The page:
Every year the Center for Auto Safety publishes a report called The Car Book that evaluates crash test results for new vehicles. These crash tests are different from the government's simplified 5-star rating system, and take into account subtle differences in how vehicles actually perform in both front and side impacts.
For example, 96% of 2008 vehicles received a 4- or 5-star safety rating in the government front crash tests, and 100% of SUVs received a 5-star rating in the side tests. That's good news, but it gives the impression that most of these vehicles performed more or less the same.
The Car Book ratings allow the government’s crash test results to be compared on a relative basis, enabling consumers to identify the safest vehicles. In addition, Car Book author Jack Gillis has combined the results of the government’s front and side tests into a new Overall Crash Test Rating that enables consumers to easily compare a vehicle’s total crash test performance.
Clarence Ditlow, Executive Director of the Center for Auto safety, said the government 5-star rating program, though well-intentioned, buried important differences in how the vehicles compare in the crash tests and neutered one of the program’s most valuable features, which is to stimulate competition.
While the preponderance of four and five star rated vehicles in the marketplace indicates an improvement in the safety of today’s new vehicles, it has become nearly impossible to distinguish the best performers from those lower on the list. Under the government’s 5-star system, a vehicle receiving a four or five star rating may actually be one of the worst performers when compared to other vehicles.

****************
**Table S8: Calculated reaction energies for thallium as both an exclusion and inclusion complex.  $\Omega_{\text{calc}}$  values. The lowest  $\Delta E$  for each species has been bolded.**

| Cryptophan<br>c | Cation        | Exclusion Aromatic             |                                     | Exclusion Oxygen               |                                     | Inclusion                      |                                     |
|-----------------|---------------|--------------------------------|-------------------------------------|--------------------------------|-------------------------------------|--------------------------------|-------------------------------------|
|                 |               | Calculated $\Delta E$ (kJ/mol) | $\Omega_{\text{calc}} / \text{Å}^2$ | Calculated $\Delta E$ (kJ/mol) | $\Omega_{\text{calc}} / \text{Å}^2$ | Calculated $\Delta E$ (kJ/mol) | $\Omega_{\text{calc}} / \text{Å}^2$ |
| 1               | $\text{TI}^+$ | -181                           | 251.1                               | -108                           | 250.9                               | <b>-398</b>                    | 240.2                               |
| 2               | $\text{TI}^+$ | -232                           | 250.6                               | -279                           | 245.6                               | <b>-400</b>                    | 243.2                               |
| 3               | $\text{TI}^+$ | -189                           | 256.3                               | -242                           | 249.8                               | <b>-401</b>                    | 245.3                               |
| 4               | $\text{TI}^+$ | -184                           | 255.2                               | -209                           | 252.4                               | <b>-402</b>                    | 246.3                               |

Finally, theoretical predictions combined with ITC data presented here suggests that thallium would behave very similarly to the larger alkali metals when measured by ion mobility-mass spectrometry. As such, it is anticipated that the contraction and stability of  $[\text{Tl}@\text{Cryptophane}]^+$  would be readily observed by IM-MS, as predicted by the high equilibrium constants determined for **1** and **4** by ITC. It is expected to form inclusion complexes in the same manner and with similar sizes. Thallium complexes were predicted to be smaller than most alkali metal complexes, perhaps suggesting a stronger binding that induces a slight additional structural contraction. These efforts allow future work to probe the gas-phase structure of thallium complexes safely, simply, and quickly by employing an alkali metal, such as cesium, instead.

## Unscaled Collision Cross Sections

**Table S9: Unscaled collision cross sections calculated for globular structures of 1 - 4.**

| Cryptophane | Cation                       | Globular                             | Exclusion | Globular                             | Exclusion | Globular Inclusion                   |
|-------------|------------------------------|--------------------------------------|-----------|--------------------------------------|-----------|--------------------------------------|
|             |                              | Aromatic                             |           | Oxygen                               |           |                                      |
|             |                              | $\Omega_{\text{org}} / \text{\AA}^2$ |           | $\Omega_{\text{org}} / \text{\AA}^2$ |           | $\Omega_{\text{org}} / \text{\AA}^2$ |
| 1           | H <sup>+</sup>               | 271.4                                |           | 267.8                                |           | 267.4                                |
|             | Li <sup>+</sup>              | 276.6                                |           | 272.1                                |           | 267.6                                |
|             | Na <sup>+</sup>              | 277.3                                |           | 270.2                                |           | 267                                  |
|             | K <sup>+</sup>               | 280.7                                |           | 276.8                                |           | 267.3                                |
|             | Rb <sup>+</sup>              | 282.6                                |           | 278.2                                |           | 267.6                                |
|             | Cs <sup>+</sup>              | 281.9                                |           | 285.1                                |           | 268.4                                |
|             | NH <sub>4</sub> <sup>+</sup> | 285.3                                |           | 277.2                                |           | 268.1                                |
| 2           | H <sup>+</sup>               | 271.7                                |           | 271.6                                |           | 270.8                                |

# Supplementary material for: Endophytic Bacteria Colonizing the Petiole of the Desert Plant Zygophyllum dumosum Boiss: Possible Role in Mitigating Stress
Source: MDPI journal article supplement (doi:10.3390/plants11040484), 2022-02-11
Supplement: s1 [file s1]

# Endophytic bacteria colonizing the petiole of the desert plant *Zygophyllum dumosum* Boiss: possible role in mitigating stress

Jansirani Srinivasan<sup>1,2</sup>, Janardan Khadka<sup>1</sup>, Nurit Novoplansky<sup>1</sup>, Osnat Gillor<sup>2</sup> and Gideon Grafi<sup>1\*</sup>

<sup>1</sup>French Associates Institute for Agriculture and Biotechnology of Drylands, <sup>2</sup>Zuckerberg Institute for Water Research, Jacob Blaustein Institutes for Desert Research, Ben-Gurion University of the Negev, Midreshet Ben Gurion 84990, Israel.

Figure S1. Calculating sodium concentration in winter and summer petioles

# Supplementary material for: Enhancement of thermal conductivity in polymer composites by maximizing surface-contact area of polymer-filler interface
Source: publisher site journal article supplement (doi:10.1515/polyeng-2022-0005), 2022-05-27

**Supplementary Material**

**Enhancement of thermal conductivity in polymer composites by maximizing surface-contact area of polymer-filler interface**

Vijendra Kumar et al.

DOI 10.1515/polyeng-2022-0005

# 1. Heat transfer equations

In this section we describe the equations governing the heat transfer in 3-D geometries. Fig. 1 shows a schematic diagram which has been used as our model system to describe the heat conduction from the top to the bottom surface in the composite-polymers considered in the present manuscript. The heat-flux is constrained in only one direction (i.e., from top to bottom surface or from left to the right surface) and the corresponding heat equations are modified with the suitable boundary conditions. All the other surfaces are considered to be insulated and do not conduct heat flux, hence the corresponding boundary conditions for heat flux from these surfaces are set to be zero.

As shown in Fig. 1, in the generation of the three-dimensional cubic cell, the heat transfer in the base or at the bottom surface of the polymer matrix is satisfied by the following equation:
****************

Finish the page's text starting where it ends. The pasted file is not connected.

For instance, the 2008 Ford Edge received a four and five star rating in the front test and two five stars in the side test. Using The Car Book Front Crash Test Rating System, the Edge receives a Worst rating when compared to all of the 2008 vehicles and a Below Average rating for the Side Crash Test when compared to all others in the SUVs category. In the Overall Crash Test Rating, which combines the front and side rating, the Edge was actually one of the lowest rated vehicles when compared to all of the 2008 SUV choices.
"Unfortunately, NHTSA's star ratings do not allow consumers to see more detailed but important differences in the test scores," said Gillis. The new Car Book Crash Test Rating System DOES capture these differences.
For example, the 2008 Buick Lucerne and Mercury Grand Marquis both received five stars for the driver in the front crash test, yet the government tests show the Lucerne driver with a 5% chance of receiving a life threatening injury compared to a 10% chance in the Grand Marquis. Under Gillis's new system the Lucerne receives a "Best" rating while the Grand Marquis more accurately rates "Above Average" for the front tests.
Another example: The 2008 Pontiac Torrent and Volvo XC90 both get five stars in the government ratings, but the tests actually show that the front and rear passengers of the Torrent are subject to a 6% and 5% chance of life threatening injuries compared to a 1% and 2% chance in the XC90. In The Car Book rating system, the Pontiac Torrent receives a Worst rating among SUVs while the Volvo XC90 gets a Best rating.
By combining the front and side crash test results for an overall rating, consumers can get a more realistic picture of how various vehicles actually compare within a particular class. The Car Book’s Overall Crash Test Rating weighs the front test by 60% and the side test by 40% to approximate typical accident types. Here are the best and the worst 2008 cars, SUVs by size class.
Here's an interesting compilation of crash tests set to music: